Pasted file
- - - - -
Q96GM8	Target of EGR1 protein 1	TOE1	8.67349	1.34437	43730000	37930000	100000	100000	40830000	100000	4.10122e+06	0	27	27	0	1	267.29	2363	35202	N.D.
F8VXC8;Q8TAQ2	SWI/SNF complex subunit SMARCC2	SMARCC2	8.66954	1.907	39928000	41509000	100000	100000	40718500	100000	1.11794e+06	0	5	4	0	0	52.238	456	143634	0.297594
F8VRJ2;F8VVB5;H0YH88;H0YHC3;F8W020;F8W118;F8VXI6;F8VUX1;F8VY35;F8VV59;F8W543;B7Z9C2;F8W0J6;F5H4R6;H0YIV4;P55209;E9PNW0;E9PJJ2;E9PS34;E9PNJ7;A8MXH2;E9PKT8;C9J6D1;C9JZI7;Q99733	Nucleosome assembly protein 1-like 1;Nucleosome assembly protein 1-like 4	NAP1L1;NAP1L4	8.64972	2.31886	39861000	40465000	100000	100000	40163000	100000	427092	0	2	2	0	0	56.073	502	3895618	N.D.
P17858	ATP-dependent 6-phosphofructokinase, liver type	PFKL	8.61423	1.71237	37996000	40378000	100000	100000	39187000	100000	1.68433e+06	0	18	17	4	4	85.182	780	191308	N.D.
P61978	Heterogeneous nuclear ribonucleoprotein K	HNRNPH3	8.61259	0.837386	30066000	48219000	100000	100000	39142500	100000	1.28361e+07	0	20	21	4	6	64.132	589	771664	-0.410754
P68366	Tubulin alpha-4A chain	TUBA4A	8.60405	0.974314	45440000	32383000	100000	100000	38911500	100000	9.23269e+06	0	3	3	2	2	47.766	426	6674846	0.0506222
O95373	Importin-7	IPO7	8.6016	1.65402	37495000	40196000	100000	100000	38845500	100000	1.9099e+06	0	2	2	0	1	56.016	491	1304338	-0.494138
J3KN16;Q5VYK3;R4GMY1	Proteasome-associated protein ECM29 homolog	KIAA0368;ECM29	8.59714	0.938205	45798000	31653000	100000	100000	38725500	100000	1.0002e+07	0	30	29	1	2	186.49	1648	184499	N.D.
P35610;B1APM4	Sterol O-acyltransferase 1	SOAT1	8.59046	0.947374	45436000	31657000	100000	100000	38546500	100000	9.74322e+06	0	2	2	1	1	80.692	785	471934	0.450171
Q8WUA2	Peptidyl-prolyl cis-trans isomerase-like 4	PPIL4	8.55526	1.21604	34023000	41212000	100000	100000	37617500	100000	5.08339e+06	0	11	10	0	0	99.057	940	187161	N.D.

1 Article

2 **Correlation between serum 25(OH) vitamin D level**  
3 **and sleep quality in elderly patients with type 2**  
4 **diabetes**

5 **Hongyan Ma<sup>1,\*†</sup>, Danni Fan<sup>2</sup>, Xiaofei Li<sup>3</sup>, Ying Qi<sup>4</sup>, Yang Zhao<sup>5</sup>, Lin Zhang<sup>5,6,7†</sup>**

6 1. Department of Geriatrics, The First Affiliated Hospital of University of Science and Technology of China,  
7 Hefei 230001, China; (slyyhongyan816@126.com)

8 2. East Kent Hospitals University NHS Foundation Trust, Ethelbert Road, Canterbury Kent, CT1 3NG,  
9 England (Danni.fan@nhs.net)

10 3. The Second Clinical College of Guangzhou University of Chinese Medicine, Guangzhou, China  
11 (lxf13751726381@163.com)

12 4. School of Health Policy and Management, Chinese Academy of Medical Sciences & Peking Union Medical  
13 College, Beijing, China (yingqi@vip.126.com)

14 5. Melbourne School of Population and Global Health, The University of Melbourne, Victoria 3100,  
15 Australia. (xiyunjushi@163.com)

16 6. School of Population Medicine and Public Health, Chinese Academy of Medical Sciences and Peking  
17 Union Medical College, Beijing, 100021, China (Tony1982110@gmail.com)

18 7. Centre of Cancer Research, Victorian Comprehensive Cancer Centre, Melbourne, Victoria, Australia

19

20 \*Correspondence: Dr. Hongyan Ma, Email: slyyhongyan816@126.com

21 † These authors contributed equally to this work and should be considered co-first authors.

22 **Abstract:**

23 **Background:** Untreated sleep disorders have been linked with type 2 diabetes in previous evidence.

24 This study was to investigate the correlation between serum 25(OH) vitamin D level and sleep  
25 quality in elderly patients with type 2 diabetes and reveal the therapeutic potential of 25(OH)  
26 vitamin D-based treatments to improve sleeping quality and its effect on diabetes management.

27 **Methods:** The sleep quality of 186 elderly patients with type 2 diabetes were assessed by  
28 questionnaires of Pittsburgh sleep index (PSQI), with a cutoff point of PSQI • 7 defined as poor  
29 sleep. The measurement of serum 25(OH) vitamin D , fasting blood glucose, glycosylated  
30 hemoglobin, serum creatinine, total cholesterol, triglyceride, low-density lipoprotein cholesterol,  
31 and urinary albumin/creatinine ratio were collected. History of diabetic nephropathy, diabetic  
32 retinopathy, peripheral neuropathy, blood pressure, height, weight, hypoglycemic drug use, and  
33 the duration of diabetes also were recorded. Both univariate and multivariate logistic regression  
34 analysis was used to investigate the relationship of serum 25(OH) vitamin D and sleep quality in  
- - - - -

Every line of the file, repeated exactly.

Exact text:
Q96GM8	Target of EGR1 protein 1	TOE1	8.67349	1.34437	43730000	37930000	100000	100000	40830000	100000	4.10122e+06	0	27	27	0	1	267.29	2363	35202	N.D.
F8VXC8;Q8TAQ2	SWI/SNF complex subunit SMARCC2	SMARCC2	8.66954	1.907	39928000	41509000	100000	100000	40718500	100000	1.11794e+06	0	5	4	0	0	52.238	456	143634	0.297594
F8VRJ2;F8VVB5;H0YH88;H0YHC3;F8W020;F8W118;F8VXI6;F8VUX1;F8VY35;F8VV59;F8W543;B7Z9C2;F8W0J6;F5H4R6;H0YIV4;P55209;E9PNW0;E9PJJ2;E9PS34;E9PNJ7;A8MXH2;E9PKT8;C9J6D1;C9JZI7;Q99733	Nucleosome assembly protein 1-like 1;Nucleosome assembly protein 1-like 4	NAP1L1;NAP1L4	8.64972	2.31886	39861000	40465000	100000	100000	40163000	100000	427092	0	2	2	0	0	56.073	502	3895618	N.D.
P17858	ATP-dependent 6-phosphofructokinase, liver type	PFKL	8.61423	1.71237	37996000	40378000	100000	100000	39187000	100000	1.68433e+06	0	18	17	4	4	85.182	780	191308	N.D.
P61978	Heterogeneous nuclear ribonucleoprotein K	HNRNPH3	8.61259	0.837386	30066000	48219000	100000	100000	39142500	100000	1.28361e+07	0	20	21	4	6	64.132	589	771664	-0.410754
P68366	Tubulin alpha-4A chain	TUBA4A	8.60405	0.974314	45440000	32383000	100000	100000	38911500	100000	9.23269e+06	0	3	3	2	2	47.766	426	6674846	0.0506222
O95373	Importin-7	IPO7	8.6016	1.65402	37495000	40196000	100000	100000	38845500	100000	1.9099e+06	0	2	2	0	1	56.016	491	1304338	-0.494138
J3KN16;Q5VYK3;R4GMY1	Proteasome-associated protein ECM29 homolog	KIAA0368;ECM29	8.59714	0.938205	45798000	31653000	100000	100000	38725500	100000	1.0002e+07	0	30	29	1	2	186.49	1648	184499	N.D.
P35610;B1APM4	Sterol O-acyltransferase 1	SOAT1	8.59046	0.947374	45436000	31657000	100000	100000	38546500	100000	9.74322e+06	0	2	2	1	1	80.692	785	471934	0.450171
Q8WUA2	Peptidyl-prolyl cis-trans isomerase-like 4	PPIL4	8.55526	1.21604	34023000	41212000	100000	100000	37617500	100000	5.08339e+06	0	11	10	0	0	99.057	940	187161	N.D.

1 Article

2 **Correlation between serum 25(OH) vitamin D level**  
3 **and sleep quality in elderly patients with type 2**  
4 **diabetes**

5 **Hongyan Ma<sup>1,\*†</sup>, Danni Fan<sup>2</sup>, Xiaofei Li<sup>3</sup>, Ying Qi<sup>4</sup>, Yang Zhao<sup>5</sup>, Lin Zhang<sup>5,6,7†</sup>**

6 1. Department of Geriatrics, The First Affiliated Hospital of University of Science and Technology of China,  
7 Hefei 230001, China; (slyyhongyan816@126.com)

8 2. East Kent Hospitals University NHS Foundation Trust, Ethelbert Road, Canterbury Kent, CT1 3NG,  
9 England (Danni.fan@nhs.net)

10 3. The Second Clinical College of Guangzhou University of Chinese Medicine, Guangzhou, China  
11 (lxf13751726381@163.com)

12 4. School of Health Policy and Management, Chinese Academy of Medical Sciences & Peking Union Medical  
13 College, Beijing, China (yingqi@vip.126.com)

14 5. Melbourne School of Population and Global Health, The University of Melbourne, Victoria 3100,  
15 Australia. (xiyunjushi@163.com)

16 6. School of Population Medicine and Public Health, Chinese Academy of Medical Sciences and Peking  
17 Union Medical College, Beijing, 100021, China (Tony1982110@gmail.com)

18 7. Centre of Cancer Research, Victorian Comprehensive Cancer Centre, Melbourne, Victoria, Australia

19

20 \*Correspondence: Dr. Hongyan Ma, Email: slyyhongyan816@126.com

21 † These authors contributed equally to this work and should be considered co-first authors.

22 **Abstract:**

23 **Background:** Untreated sleep disorders have been linked with type 2 diabetes in previous evidence.

24 This study was to investigate the correlation between serum 25(OH) vitamin D level and sleep  
25 quality in elderly patients with type 2 diabetes and reveal the therapeutic potential of 25(OH)  
26 vitamin D-based treatments to improve sleeping quality and its effect on diabetes management.

27 **Methods:** The sleep quality of 186 elderly patients with type 2 diabetes were assessed by  
28 questionnaires of Pittsburgh sleep index (PSQI), with a cutoff point of PSQI • 7 defined as poor  
29 sleep. The measurement of serum 25(OH) vitamin D , fasting blood glucose, glycosylated  
30 hemoglobin, serum creatinine, total cholesterol, triglyceride, low-density lipoprotein cholesterol,  
31 and urinary albumin/creatinine ratio were collected. History of diabetic nephropathy, diabetic  
32 retinopathy, peripheral neuropathy, blood pressure, height, weight, hypoglycemic drug use, and  
33 the duration of diabetes also were recorded. Both univariate and multivariate logistic regression  
34 analysis was used to investigate the relationship of serum 25(OH) vitamin D and sleep quality in  